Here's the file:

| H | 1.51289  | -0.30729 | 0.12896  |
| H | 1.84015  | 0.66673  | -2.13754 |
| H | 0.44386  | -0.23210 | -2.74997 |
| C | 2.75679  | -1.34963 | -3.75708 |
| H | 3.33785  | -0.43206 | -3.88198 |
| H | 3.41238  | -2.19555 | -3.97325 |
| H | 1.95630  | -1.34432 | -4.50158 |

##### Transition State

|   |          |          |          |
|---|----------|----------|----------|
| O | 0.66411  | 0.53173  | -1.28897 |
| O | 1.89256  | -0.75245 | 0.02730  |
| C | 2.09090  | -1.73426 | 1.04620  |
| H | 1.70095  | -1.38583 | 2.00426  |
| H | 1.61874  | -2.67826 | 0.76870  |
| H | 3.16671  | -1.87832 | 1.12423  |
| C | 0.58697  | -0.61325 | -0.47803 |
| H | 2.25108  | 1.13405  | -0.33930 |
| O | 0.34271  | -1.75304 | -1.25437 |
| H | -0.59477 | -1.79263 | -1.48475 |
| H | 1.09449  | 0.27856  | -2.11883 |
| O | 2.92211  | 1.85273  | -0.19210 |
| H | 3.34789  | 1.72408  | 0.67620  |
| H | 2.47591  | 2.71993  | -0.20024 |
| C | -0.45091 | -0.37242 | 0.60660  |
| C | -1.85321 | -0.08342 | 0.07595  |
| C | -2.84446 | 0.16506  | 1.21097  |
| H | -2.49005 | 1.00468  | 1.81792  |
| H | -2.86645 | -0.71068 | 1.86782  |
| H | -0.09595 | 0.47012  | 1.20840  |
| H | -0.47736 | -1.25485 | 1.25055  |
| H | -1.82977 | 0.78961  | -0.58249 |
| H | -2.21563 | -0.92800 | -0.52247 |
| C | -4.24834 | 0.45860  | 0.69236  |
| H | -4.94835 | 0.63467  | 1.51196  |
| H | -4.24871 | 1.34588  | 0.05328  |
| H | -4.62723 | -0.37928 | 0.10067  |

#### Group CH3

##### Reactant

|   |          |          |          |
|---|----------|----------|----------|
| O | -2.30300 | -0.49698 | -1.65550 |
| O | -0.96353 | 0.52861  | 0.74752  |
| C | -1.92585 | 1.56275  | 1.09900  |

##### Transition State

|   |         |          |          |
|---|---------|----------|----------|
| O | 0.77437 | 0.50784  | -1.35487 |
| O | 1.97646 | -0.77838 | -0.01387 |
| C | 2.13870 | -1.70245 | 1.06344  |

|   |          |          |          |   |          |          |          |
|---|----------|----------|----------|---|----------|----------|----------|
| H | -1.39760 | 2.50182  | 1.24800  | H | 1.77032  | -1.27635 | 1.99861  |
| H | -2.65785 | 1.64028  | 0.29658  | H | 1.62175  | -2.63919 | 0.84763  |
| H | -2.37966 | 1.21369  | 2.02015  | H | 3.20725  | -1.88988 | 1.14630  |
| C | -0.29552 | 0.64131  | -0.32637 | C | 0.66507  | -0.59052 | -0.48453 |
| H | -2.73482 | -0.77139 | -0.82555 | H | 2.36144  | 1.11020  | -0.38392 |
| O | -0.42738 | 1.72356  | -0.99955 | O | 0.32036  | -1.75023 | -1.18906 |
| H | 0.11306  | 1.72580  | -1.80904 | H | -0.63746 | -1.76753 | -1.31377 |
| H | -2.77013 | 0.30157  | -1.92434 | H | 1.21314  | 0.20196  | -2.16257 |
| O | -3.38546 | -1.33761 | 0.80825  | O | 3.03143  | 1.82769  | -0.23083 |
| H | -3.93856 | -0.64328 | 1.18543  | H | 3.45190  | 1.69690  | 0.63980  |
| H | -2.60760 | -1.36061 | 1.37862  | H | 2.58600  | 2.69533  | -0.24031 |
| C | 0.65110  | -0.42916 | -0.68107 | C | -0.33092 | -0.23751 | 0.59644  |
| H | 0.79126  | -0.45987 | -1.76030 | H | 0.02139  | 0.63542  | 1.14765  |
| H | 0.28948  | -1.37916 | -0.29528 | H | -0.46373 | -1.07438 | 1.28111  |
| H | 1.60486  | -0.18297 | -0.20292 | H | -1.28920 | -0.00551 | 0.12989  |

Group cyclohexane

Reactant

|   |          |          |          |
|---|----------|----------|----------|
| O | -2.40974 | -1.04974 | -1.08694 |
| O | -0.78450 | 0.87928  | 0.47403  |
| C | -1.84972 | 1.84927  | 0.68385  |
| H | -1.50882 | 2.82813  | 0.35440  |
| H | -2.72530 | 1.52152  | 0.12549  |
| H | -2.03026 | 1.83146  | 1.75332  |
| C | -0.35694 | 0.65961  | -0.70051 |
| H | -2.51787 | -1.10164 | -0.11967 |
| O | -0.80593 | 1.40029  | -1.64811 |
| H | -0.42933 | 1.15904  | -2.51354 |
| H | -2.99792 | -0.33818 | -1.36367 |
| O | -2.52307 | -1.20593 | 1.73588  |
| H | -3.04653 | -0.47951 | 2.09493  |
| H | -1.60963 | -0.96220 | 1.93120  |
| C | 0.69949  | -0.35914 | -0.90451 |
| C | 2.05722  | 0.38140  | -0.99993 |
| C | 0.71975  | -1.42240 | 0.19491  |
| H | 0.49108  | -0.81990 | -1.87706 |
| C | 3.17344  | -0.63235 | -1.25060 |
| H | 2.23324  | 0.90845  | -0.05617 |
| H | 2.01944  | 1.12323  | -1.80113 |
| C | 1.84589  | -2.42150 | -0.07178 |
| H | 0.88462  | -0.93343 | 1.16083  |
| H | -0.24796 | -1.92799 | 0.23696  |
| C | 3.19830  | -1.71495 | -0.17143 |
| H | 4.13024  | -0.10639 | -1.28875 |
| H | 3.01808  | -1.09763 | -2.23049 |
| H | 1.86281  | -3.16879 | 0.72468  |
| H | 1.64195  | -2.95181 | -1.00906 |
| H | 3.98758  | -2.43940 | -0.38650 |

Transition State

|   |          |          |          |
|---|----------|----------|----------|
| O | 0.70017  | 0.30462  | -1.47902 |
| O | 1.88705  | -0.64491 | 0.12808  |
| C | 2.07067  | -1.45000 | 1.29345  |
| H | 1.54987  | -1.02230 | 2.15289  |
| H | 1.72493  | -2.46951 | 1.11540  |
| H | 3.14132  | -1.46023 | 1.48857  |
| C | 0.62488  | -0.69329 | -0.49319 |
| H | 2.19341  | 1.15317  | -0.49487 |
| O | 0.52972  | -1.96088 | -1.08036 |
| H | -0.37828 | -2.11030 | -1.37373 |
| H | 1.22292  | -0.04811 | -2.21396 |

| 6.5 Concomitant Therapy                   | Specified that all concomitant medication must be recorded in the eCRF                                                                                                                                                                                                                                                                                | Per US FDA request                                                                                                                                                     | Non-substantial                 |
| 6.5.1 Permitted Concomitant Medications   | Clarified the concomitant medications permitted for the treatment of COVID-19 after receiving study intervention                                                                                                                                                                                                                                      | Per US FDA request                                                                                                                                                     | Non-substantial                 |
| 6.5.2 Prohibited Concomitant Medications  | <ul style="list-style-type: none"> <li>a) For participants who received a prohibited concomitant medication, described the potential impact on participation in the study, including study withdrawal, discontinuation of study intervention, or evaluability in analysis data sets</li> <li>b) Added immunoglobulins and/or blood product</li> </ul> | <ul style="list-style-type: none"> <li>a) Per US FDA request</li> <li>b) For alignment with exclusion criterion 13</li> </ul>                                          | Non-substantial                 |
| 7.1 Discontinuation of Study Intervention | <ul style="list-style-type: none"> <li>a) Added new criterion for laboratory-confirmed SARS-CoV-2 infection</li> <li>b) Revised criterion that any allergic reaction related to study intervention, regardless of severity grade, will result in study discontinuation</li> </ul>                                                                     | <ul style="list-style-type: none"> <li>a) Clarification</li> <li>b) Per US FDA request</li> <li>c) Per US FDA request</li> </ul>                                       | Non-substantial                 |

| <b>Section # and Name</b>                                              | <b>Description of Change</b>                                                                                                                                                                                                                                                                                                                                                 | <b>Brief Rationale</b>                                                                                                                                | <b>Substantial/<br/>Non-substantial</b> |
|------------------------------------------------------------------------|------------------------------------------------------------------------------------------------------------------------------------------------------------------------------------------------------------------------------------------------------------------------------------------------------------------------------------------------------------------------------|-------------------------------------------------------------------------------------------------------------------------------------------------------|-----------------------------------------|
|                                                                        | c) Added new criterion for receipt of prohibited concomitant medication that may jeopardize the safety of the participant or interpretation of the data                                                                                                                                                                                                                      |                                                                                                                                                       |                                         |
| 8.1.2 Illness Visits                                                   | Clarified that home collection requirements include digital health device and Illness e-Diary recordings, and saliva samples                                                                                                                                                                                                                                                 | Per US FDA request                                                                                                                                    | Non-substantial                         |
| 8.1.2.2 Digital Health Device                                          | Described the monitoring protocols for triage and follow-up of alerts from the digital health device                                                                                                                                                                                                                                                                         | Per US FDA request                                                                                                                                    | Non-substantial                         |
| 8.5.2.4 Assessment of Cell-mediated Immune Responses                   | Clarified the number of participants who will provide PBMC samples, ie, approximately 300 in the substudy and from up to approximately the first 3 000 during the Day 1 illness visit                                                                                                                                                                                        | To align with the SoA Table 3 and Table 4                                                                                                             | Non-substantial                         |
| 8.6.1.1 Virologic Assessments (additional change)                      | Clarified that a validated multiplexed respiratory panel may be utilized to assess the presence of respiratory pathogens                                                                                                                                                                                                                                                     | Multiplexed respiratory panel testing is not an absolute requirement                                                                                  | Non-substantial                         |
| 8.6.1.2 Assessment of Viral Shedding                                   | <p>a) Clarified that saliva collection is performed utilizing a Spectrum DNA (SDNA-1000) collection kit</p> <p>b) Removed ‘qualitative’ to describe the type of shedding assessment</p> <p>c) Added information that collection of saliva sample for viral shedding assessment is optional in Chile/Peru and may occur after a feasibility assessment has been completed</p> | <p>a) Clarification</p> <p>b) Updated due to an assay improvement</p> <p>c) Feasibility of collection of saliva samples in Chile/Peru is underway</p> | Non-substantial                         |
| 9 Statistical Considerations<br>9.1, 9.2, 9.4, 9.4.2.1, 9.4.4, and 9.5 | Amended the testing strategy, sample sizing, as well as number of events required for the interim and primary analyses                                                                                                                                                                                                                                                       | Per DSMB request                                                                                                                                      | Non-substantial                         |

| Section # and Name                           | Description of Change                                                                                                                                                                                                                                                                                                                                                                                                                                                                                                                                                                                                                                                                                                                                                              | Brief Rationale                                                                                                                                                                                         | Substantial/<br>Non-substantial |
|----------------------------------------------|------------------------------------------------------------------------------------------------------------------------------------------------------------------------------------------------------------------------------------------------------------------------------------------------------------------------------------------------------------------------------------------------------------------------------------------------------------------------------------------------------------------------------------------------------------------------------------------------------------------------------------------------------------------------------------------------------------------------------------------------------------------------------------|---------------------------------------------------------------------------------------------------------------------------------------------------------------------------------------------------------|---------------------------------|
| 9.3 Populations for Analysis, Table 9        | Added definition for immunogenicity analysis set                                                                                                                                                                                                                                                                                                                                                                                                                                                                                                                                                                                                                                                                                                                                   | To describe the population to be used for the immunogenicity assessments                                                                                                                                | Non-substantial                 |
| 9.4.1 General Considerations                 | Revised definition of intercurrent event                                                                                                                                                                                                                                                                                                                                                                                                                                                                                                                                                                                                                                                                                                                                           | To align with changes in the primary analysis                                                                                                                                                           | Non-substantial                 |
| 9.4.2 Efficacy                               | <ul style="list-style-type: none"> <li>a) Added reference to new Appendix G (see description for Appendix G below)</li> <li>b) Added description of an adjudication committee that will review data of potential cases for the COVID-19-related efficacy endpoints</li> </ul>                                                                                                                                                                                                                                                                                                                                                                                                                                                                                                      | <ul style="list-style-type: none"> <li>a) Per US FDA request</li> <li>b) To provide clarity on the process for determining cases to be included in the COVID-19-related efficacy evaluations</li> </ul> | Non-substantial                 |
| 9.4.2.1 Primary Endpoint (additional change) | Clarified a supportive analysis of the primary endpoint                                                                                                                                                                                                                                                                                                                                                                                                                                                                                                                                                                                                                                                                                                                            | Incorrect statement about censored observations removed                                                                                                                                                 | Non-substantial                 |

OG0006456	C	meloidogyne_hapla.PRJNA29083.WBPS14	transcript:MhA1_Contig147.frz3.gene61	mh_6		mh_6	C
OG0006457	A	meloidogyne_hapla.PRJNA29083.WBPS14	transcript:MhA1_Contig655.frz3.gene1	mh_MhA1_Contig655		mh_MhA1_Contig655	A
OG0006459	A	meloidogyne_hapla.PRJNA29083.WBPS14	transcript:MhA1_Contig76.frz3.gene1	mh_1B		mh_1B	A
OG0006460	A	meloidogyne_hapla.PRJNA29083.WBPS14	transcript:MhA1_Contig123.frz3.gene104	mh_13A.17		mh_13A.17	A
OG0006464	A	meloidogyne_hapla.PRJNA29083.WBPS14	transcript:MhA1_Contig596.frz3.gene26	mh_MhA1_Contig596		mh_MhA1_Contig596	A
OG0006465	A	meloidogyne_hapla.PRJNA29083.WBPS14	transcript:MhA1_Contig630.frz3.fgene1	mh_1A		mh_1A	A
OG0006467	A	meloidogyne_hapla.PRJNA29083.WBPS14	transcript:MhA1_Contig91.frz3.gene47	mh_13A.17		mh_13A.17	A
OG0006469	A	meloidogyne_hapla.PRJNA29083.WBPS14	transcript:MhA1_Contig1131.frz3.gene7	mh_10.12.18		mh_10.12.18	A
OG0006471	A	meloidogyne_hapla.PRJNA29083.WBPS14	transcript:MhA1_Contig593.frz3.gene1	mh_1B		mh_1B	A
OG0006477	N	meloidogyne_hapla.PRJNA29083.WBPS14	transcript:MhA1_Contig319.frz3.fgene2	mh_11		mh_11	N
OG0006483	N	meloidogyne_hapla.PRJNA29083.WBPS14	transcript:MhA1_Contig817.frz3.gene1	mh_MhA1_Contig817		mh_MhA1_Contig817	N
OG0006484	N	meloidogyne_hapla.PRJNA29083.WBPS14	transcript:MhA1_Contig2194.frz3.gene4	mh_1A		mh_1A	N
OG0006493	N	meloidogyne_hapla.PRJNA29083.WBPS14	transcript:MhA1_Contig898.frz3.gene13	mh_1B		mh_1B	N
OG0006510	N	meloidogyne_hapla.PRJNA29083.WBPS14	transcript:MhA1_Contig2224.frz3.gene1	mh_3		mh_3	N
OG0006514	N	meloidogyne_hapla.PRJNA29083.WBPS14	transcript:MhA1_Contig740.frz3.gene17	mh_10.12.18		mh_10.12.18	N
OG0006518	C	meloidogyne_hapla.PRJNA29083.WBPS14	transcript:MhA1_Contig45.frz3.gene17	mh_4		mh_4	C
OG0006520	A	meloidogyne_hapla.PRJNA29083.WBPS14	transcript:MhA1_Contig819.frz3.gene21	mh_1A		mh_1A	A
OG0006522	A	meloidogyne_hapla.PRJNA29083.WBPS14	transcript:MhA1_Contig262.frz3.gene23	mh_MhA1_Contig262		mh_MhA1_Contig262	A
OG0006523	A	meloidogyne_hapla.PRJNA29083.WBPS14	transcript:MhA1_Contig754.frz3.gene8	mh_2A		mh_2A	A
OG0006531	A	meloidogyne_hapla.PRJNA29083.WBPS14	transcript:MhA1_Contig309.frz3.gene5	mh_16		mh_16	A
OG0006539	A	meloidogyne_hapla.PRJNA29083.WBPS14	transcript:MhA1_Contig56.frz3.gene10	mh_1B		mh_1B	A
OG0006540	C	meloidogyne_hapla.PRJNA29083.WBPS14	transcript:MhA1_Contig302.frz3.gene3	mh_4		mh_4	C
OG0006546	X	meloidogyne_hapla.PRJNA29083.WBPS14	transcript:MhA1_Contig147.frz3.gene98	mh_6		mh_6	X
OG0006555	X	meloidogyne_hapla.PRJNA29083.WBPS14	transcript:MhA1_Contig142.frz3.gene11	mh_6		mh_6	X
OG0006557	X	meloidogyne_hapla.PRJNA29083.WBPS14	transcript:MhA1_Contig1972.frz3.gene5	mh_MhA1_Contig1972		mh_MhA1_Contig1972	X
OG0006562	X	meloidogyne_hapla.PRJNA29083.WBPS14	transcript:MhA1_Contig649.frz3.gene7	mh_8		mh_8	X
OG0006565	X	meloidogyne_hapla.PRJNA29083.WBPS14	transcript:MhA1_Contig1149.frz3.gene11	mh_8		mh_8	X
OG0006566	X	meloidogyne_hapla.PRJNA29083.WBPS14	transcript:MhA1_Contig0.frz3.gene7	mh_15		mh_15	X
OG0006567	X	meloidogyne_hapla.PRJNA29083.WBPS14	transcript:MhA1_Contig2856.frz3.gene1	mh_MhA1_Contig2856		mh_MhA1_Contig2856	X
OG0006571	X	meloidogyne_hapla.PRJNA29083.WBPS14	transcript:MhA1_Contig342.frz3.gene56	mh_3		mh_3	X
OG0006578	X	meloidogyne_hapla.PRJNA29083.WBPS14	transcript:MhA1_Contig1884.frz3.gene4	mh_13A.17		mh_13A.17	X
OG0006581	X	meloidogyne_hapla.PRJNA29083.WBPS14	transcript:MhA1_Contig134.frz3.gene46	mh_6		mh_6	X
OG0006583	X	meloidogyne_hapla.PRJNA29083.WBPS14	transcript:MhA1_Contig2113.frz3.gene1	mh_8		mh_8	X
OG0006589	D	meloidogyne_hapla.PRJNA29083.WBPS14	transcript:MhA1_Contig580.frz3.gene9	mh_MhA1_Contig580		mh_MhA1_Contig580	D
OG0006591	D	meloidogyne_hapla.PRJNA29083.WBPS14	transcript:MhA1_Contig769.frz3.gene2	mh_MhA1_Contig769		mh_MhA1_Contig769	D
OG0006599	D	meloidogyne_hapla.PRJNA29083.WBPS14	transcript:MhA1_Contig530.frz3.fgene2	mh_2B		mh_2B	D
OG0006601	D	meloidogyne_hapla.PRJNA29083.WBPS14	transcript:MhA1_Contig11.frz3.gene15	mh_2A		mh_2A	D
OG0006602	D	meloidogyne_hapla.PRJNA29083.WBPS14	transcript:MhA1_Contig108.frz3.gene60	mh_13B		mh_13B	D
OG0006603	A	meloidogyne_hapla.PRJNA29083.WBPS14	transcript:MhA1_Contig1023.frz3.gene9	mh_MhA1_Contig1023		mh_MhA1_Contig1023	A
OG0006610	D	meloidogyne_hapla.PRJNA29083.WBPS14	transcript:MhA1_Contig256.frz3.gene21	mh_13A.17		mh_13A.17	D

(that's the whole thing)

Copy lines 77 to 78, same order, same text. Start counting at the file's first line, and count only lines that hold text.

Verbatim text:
| H | -2.03026 | 1.83146  | 1.75332  |
| C | -0.35694 | 0.65961  | -0.70051 |